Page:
Education

According to a 2012 study by the National Center for Education Statistics, a young person with a Bachelor’s Degree earns, on average, 50% more than a comparable young person with only a high school diploma.

If you’ve been looking for careers, you understand the importance of having a college degree. It’s the equivalent of what a high school diploma was 40 years ago. A degree serves as the gateway to better options and more opportunity.

Looking for a way to pay for school? The National Guard has you covered, with benefits like:

  • Federal Tuition Assistance Program
  • The Montgomery GI Bill
  • The Post-9/11 GI Bill
  • Army National Guard Kickereducation
  • ROTC Scholarships that can pay up to full tuition plus an allowance
  • The Student Loan Repayment Program (SLRP)

Read on to see how the National Guard can pay for college and put cash in your pocket.

Federal Tuition Assistance

The Guard can help you with your college tuition and general fees.  The amount is based on in-state public institution tuition rates, and can be applied to the other financial assistance programs listed below.

Montgomery GI Bill

In addition to the Federal Tuition Assistance Program, you may qualify for the Montgomery GI Bill for a monthly allowance of up to $356 totaling more than $12,000 in a four-year period. Best of all, this money is sent directly to you (not to your school) to spend on books, supplies—or anything you want.

Post-9/11 GI Bill

For Soldiers with at least 90 days of Active Duty service on or after September 11, 2001, the Post-9/11 GI Bill can cover up to 100% of your tuition, depending on the length of time you’ve served. You may also be eligible for an annual stipend of $1,000 for books and supplies, and your benefits may be transferrable to your dependents.

Plus, for individuals paying higher private school, graduate school or out-of-state tuitions, the Yellow Ribbon Program may be able to provide the necessary additional funding.

Army National Guard Kicker

The Army National Guard Kicker supplement to the Montgomery GI Bill pays up to $350 per month in living expenses—up to $12,600 over 36 months. You’ll need to apply and qualify for this program.

Learn more about GI Bill and Army National Guard Kicker benefits.

Reserve Officers’ Training Corps (ROTC) Scholarships

ROTC is a college elective that allows you to earn a commission straight out of college as a second lieutenant in the Army. This leadership program also provides a way to help hold down the cost of college by offering two-, three- and four-year ROTC scholarships, as well as monthly allowances for some cadets.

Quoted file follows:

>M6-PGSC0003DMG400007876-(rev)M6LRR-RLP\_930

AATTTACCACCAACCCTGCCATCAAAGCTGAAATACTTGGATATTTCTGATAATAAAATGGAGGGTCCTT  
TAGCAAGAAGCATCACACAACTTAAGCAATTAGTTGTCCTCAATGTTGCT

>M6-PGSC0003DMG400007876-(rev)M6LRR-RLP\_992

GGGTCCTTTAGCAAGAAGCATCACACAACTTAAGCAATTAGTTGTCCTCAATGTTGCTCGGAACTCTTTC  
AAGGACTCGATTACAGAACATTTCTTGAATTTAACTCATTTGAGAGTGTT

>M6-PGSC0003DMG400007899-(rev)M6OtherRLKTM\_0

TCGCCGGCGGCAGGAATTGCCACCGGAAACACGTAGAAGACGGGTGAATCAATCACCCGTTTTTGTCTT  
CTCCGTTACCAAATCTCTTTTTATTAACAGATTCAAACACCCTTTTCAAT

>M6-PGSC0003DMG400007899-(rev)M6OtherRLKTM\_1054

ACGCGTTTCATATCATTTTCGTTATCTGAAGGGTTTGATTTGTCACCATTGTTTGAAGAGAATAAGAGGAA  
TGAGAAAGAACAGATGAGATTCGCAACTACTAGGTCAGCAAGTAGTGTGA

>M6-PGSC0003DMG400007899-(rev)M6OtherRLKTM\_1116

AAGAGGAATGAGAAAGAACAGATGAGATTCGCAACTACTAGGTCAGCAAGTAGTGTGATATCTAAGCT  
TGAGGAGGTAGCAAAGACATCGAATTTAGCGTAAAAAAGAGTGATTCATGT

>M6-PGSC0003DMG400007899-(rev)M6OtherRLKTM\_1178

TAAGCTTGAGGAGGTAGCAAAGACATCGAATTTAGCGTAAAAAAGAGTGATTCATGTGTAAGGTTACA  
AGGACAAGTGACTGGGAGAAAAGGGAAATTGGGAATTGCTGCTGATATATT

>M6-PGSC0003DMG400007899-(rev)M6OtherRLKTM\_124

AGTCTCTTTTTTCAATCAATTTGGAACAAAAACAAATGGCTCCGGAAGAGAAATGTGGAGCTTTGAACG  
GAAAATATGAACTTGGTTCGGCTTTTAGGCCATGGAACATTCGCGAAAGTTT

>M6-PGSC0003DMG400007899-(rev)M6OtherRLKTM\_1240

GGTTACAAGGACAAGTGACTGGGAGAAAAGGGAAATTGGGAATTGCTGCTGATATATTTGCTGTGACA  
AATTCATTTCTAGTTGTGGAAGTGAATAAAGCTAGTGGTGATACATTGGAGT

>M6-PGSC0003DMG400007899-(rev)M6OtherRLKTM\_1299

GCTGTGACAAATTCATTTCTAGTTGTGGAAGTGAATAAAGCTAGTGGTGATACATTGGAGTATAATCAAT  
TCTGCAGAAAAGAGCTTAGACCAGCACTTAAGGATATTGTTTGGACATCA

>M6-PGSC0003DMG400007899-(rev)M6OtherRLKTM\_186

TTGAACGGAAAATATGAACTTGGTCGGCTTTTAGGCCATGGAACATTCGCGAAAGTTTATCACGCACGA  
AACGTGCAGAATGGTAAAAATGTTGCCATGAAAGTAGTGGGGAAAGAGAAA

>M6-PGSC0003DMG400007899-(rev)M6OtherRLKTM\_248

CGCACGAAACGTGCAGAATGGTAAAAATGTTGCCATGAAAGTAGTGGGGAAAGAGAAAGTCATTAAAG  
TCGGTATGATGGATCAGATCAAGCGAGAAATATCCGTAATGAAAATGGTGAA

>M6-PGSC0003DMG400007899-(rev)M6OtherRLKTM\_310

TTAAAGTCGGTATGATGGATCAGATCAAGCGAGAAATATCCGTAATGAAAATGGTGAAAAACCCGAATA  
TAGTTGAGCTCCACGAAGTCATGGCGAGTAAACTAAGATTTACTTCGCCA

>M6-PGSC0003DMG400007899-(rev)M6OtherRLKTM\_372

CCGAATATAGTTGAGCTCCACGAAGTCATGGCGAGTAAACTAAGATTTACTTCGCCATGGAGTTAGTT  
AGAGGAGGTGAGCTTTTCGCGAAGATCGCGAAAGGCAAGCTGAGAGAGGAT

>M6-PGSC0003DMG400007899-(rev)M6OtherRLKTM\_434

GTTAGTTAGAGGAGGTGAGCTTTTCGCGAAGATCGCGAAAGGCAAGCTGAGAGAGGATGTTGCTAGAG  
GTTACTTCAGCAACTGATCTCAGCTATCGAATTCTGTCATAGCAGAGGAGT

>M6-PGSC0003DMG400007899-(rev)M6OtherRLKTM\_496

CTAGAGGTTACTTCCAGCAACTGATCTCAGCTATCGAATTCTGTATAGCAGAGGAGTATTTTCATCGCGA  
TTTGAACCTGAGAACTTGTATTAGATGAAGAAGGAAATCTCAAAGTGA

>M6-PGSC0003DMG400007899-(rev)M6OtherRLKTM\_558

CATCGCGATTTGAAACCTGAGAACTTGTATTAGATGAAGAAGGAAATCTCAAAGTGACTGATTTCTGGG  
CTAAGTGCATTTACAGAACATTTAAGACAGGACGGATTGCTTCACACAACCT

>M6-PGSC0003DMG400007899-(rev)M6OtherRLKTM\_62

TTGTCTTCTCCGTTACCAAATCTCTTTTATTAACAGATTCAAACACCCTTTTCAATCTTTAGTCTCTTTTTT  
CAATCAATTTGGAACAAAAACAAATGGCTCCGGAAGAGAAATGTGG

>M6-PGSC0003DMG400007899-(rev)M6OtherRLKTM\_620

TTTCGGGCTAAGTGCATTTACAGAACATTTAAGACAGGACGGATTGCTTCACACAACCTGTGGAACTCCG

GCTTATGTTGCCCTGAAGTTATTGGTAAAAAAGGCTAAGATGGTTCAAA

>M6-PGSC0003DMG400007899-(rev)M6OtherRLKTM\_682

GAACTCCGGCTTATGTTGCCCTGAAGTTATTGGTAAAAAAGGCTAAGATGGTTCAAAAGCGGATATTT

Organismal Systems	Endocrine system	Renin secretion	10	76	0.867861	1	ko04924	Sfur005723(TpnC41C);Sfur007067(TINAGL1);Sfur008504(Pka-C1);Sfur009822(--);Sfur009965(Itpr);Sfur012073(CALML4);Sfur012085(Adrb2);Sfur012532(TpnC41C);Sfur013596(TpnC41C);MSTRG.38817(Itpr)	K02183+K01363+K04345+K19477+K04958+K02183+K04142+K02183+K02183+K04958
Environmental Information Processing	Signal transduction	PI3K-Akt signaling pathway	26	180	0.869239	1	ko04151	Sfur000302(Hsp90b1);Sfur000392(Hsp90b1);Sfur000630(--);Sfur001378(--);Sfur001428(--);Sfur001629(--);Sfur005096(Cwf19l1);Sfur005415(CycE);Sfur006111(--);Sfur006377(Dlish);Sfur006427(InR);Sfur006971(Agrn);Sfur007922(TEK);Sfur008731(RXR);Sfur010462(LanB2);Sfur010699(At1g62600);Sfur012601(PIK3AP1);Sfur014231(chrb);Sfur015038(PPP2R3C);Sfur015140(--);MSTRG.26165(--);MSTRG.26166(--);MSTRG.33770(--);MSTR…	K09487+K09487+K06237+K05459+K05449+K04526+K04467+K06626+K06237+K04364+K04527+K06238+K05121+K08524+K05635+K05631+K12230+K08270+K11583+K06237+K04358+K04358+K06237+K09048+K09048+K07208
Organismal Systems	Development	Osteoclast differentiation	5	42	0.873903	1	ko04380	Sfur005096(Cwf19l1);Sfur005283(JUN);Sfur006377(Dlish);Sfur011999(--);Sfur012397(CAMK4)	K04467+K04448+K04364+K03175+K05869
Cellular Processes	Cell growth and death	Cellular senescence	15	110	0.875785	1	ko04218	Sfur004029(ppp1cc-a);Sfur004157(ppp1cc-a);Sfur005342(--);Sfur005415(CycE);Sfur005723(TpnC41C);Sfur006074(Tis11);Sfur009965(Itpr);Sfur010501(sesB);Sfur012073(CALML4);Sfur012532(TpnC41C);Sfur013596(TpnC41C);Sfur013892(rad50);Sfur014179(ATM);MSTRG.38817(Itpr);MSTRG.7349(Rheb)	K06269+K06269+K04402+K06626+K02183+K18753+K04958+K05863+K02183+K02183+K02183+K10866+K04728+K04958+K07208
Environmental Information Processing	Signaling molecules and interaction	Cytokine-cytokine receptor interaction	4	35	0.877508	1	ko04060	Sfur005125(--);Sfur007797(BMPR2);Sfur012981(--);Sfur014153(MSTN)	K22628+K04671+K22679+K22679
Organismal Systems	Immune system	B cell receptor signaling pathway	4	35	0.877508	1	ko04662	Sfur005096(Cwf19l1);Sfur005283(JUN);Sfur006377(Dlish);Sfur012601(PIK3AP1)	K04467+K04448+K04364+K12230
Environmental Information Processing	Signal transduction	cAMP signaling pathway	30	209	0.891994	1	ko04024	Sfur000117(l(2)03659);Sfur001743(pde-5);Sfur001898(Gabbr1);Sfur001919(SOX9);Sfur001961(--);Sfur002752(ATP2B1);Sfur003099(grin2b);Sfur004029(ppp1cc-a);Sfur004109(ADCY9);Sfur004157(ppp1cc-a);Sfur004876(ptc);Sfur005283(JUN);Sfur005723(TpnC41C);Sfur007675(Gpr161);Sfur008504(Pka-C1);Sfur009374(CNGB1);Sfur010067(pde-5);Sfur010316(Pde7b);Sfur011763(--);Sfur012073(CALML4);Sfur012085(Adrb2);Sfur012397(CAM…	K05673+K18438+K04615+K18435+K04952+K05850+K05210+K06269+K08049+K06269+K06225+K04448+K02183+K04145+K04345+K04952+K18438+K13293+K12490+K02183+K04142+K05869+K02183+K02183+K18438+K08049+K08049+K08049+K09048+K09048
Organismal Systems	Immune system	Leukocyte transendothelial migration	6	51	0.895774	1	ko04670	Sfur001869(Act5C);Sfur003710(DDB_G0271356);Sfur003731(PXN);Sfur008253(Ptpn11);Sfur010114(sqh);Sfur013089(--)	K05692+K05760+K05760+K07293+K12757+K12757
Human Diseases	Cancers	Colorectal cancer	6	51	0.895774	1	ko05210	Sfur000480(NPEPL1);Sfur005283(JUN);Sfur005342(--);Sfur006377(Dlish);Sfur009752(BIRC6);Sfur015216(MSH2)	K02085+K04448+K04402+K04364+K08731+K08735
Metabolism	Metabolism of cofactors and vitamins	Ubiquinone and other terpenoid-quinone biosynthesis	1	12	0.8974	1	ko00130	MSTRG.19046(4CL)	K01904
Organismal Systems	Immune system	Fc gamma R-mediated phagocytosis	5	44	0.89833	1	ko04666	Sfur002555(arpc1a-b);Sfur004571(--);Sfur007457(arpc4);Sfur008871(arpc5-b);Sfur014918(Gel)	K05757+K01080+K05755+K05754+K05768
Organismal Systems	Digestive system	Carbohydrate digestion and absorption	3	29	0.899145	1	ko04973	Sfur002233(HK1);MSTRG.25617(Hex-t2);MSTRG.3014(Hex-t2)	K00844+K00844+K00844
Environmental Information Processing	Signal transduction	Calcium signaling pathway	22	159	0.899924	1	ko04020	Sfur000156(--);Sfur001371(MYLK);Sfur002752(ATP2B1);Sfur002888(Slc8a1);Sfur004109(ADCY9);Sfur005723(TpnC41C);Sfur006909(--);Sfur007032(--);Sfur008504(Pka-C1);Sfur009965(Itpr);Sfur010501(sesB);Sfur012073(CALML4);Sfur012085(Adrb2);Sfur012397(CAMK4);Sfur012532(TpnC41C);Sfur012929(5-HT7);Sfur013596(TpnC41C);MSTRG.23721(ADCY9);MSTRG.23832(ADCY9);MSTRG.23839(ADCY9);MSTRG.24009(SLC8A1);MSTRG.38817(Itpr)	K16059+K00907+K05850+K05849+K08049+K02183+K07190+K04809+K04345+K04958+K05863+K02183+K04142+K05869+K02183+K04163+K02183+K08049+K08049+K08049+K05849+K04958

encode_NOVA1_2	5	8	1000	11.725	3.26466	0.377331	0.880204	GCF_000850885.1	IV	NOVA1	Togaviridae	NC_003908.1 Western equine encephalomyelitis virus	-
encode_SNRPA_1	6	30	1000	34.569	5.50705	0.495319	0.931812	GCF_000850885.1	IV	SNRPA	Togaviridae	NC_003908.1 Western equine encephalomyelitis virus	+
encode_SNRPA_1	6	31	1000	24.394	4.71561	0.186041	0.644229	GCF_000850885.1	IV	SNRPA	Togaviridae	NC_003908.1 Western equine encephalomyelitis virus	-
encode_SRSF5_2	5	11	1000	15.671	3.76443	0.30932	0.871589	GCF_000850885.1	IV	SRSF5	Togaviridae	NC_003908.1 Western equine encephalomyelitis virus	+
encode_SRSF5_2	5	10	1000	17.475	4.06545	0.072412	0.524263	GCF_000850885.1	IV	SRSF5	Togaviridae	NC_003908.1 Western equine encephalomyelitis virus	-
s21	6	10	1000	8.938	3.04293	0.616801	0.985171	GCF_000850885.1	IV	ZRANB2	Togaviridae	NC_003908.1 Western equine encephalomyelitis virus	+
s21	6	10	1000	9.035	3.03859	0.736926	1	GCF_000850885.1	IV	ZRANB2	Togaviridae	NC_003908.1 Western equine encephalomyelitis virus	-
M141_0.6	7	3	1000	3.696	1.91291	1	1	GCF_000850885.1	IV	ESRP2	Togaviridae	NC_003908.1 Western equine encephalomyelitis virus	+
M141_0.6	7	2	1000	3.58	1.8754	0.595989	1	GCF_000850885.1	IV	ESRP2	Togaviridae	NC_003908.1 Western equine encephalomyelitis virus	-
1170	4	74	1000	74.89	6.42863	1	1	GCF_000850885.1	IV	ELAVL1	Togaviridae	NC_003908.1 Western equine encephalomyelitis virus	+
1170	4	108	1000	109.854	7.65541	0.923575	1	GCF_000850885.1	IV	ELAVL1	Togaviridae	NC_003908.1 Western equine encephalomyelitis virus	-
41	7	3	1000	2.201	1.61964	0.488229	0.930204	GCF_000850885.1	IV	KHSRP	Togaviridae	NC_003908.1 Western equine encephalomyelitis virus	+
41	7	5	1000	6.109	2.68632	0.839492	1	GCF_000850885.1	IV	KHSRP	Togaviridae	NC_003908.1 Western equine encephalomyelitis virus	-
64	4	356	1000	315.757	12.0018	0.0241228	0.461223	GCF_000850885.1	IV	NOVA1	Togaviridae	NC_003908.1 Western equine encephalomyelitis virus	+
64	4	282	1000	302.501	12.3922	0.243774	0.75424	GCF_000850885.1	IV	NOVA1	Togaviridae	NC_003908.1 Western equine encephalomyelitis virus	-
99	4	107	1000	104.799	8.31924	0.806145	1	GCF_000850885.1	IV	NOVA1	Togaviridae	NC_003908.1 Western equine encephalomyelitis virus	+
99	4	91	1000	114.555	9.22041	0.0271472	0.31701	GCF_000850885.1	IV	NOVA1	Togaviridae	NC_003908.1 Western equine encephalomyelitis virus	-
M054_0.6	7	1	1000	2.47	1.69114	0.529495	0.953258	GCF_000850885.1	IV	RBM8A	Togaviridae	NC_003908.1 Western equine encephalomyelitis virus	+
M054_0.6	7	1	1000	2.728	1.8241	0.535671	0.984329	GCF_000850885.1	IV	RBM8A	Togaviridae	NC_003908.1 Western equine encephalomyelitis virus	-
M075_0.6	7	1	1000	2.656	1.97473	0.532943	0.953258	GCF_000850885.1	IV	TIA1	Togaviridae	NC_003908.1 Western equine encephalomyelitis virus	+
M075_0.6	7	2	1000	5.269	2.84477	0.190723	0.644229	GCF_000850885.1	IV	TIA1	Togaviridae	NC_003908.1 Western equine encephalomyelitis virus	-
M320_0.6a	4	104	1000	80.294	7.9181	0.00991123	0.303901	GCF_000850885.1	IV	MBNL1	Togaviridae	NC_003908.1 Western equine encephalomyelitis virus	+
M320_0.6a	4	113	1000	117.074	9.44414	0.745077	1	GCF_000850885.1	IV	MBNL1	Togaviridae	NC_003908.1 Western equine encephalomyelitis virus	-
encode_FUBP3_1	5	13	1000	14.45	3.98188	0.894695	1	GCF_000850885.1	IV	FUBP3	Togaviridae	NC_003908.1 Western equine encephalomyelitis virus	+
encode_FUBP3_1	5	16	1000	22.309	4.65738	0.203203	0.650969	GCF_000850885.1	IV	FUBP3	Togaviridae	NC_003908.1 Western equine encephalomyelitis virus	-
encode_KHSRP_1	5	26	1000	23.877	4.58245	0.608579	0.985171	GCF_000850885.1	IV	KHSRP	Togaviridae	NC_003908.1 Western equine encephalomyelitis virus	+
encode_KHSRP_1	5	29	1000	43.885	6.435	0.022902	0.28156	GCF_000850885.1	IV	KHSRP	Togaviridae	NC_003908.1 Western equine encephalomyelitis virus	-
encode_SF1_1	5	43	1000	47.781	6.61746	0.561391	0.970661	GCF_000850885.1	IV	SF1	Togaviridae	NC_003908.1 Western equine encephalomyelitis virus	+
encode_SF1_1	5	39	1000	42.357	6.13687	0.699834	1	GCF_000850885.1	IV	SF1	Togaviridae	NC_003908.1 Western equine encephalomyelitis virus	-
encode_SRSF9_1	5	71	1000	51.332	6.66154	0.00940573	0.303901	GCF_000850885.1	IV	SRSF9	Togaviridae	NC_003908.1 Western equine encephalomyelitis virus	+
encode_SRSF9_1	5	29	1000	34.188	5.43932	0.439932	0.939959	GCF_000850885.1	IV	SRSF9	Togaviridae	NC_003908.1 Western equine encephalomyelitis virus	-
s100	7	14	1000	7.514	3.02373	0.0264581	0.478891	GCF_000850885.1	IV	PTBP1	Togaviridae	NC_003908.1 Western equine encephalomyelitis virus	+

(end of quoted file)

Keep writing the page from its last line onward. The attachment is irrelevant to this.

Scholarships include:

  • A wide range of merit-based scholarships that pay up to full college tuition
  • Additional funds to pay for books, supplies and other school fees
  • Tax-free stipends up to $500 per month if you qualify

All ROTC scholarships require a service commitment. Your local recruiter or your school’s military science department or can furnish complete details.

Student Loan Repayment Program (SLRP)

For Soldiers and officers who have an existing student loan obligation at the time of enlistment in the Guard, the Student Loan Repayment Program (SLRP) may pay up to $50,000 for certain jobs, with a six- or eight-year enlistment as a member of a unit.

In addition, current Guard members who extend their enlistment contract for a minimum period of six years are also eligible for this program, provided they meet certain requirements, including a qualifying score on the Armed Forces Qualifying Test and being in a valid Military Occupational Specialty (MOS) in a National Guard unit.

This incentive is also available to applicants entering Officer Candidate School (you must have at least 90 college credit hours and agree to a minimum six-year commitment).

Additional Programs and Resources

The Guard has other programs and services to help you earn additional college credits, prepare for your graduate school exam-all while earning your Guard pay. Learn more about:

For complete details about federal education programs and any funding packages your state may offer, talk to your local recruiter.

 

 

 

 

Always Ready, Always There.

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